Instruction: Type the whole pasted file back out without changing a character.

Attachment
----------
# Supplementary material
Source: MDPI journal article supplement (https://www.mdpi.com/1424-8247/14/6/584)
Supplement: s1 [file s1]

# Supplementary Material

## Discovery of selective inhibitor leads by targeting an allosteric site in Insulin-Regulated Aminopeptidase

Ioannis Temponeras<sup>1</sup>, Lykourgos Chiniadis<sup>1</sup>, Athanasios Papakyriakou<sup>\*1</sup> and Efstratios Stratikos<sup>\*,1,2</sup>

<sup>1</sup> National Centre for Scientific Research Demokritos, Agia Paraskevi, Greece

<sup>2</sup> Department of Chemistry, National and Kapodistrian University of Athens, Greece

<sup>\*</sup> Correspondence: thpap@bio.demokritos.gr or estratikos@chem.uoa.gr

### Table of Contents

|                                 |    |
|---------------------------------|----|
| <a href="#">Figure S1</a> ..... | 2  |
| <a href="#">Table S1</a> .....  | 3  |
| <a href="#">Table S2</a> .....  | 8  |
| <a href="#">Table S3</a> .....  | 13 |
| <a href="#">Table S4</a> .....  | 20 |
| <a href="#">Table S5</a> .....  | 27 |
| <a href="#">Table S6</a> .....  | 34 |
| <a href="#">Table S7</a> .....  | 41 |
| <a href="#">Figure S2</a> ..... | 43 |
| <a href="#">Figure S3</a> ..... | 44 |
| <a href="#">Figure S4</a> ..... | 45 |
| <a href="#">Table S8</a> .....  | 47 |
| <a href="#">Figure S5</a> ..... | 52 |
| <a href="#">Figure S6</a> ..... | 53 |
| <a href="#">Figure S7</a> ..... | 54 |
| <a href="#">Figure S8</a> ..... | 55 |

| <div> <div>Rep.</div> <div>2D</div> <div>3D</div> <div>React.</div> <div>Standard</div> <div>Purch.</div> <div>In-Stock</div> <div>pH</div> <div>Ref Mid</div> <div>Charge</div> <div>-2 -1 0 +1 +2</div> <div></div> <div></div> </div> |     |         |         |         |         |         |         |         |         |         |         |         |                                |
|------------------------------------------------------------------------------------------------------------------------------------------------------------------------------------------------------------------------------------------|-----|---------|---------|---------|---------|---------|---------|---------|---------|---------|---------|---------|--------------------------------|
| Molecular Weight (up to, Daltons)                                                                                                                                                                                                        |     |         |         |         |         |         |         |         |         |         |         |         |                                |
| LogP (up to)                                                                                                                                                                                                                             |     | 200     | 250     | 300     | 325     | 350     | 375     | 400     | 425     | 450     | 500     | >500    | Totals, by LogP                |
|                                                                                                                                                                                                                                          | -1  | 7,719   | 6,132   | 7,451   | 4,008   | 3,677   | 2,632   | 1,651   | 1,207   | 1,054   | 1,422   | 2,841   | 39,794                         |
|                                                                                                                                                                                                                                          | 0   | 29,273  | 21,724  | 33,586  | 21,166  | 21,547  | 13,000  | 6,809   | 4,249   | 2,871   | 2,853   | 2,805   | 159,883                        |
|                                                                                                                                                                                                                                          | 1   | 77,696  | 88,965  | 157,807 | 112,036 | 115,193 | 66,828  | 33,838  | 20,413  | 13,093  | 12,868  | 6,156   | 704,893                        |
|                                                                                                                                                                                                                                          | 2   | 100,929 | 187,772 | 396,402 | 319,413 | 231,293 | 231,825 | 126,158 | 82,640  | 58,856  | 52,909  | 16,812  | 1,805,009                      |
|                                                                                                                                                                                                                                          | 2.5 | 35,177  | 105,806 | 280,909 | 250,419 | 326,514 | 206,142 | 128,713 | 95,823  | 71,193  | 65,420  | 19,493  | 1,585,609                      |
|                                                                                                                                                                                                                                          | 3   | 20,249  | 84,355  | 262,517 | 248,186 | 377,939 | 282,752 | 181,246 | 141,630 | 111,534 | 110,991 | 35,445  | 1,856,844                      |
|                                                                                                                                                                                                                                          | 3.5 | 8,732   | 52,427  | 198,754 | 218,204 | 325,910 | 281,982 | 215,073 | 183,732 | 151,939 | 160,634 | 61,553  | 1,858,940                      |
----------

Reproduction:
# Supplementary material
Source: MDPI journal article supplement (https://www.mdpi.com/1424-8247/14/6/584)
Supplement: s1 [file s1]

# Supplementary Material

## Discovery of selective inhibitor leads by targeting an allosteric site in Insulin-Regulated Aminopeptidase

Ioannis Temponeras<sup>1</sup>, Lykourgos Chiniadis<sup>1</sup>, Athanasios Papakyriakou<sup>\*1</sup> and Efstratios Stratikos<sup>\*,1,2</sup>

<sup>1</sup> National Centre for Scientific Research Demokritos, Agia Paraskevi, Greece

<sup>2</sup> Department of Chemistry, National and Kapodistrian University of Athens, Greece

<sup>\*</sup> Correspondence: thpap@bio.demokritos.gr or estratikos@chem.uoa.gr

### Table of Contents

|                                 |    |
|---------------------------------|----|
| <a href="#">Figure S1</a> ..... | 2  |
| <a href="#">Table S1</a> .....  | 3  |
| <a href="#">Table S2</a> .....  | 8  |
| <a href="#">Table S3</a> .....  | 13 |
| <a href="#">Table S4</a> .....  | 20 |
| <a href="#">Table S5</a> .....  | 27 |
| <a href="#">Table S6</a> .....  | 34 |
| <a href="#">Table S7</a> .....  | 41 |
| <a href="#">Figure S2</a> ..... | 43 |
| <a href="#">Figure S3</a> ..... | 44 |
| <a href="#">Figure S4</a> ..... | 45 |
| <a href="#">Table S8</a> .....  | 47 |
| <a href="#">Figure S5</a> ..... | 52 |
| <a href="#">Figure S6</a> ..... | 53 |
| <a href="#">Figure S7</a> ..... | 54 |
| <a href="#">Figure S8</a> ..... | 55 |

| <div> <div>Rep.</div> <div>2D</div> <div>3D</div> <div>React.</div> <div>Standard</div> <div>Purch.</div> <div>In-Stock</div> <div>pH</div> <div>Ref Mid</div> <div>Charge</div> <div>-2 -1 0 +1 +2</div> <div></div> <div></div> </div> |     |         |         |         |         |         |         |         |         |         |         |         |                                |
|------------------------------------------------------------------------------------------------------------------------------------------------------------------------------------------------------------------------------------------|-----|---------|---------|---------|---------|---------|---------|---------|---------|---------|---------|---------|--------------------------------|
| Molecular Weight (up to, Daltons)                                                                                                                                                                                                        |     |         |         |         |         |         |         |         |         |         |         |         |                                |
| LogP (up to)                                                                                                                                                                                                                             |     | 200     | 250     | 300     | 325     | 350     | 375     | 400     | 425     | 450     | 500     | >500    | Totals, by LogP                |
|                                                                                                                                                                                                                                          | -1  | 7,719   | 6,132   | 7,451   | 4,008   | 3,677   | 2,632   | 1,651   | 1,207   | 1,054   | 1,422   | 2,841   | 39,794                         |
|                                                                                                                                                                                                                                          | 0   | 29,273  | 21,724  | 33,586  | 21,166  | 21,547  | 13,000  | 6,809   | 4,249   | 2,871   | 2,853   | 2,805   | 159,883                        |
|                                                                                                                                                                                                                                          | 1   | 77,696  | 88,965  | 157,807 | 112,036 | 115,193 | 66,828  | 33,838  | 20,413  | 13,093  | 12,868  | 6,156   | 704,893                        |
|                                                                                                                                                                                                                                          | 2   | 100,929 | 187,772 | 396,402 | 319,413 | 231,293 | 231,825 | 126,158 | 82,640  | 58,856  | 52,909  | 16,812  | 1,805,009                      |
|                                                                                                                                                                                                                                          | 2.5 | 35,177  | 105,806 | 280,909 | 250,419 | 326,514 | 206,142 | 128,713 | 95,823  | 71,193  | 65,420  | 19,493  | 1,585,609                      |
|                                                                                                                                                                                                                                          | 3   | 20,249  | 84,355  | 262,517 | 248,186 | 377,939 | 282,752 | 181,246 | 141,630 | 111,534 | 110,991 | 35,445  | 1,856,844                      |
|                                                                                                                                                                                                                                          | 3.5 | 8,732   | 52,427  | 198,754 | 218,204 | 325,910 | 281,982 | 215,073 | 183,732 | 151,939 | 160,634 | 61,553  | 1,858,940                      |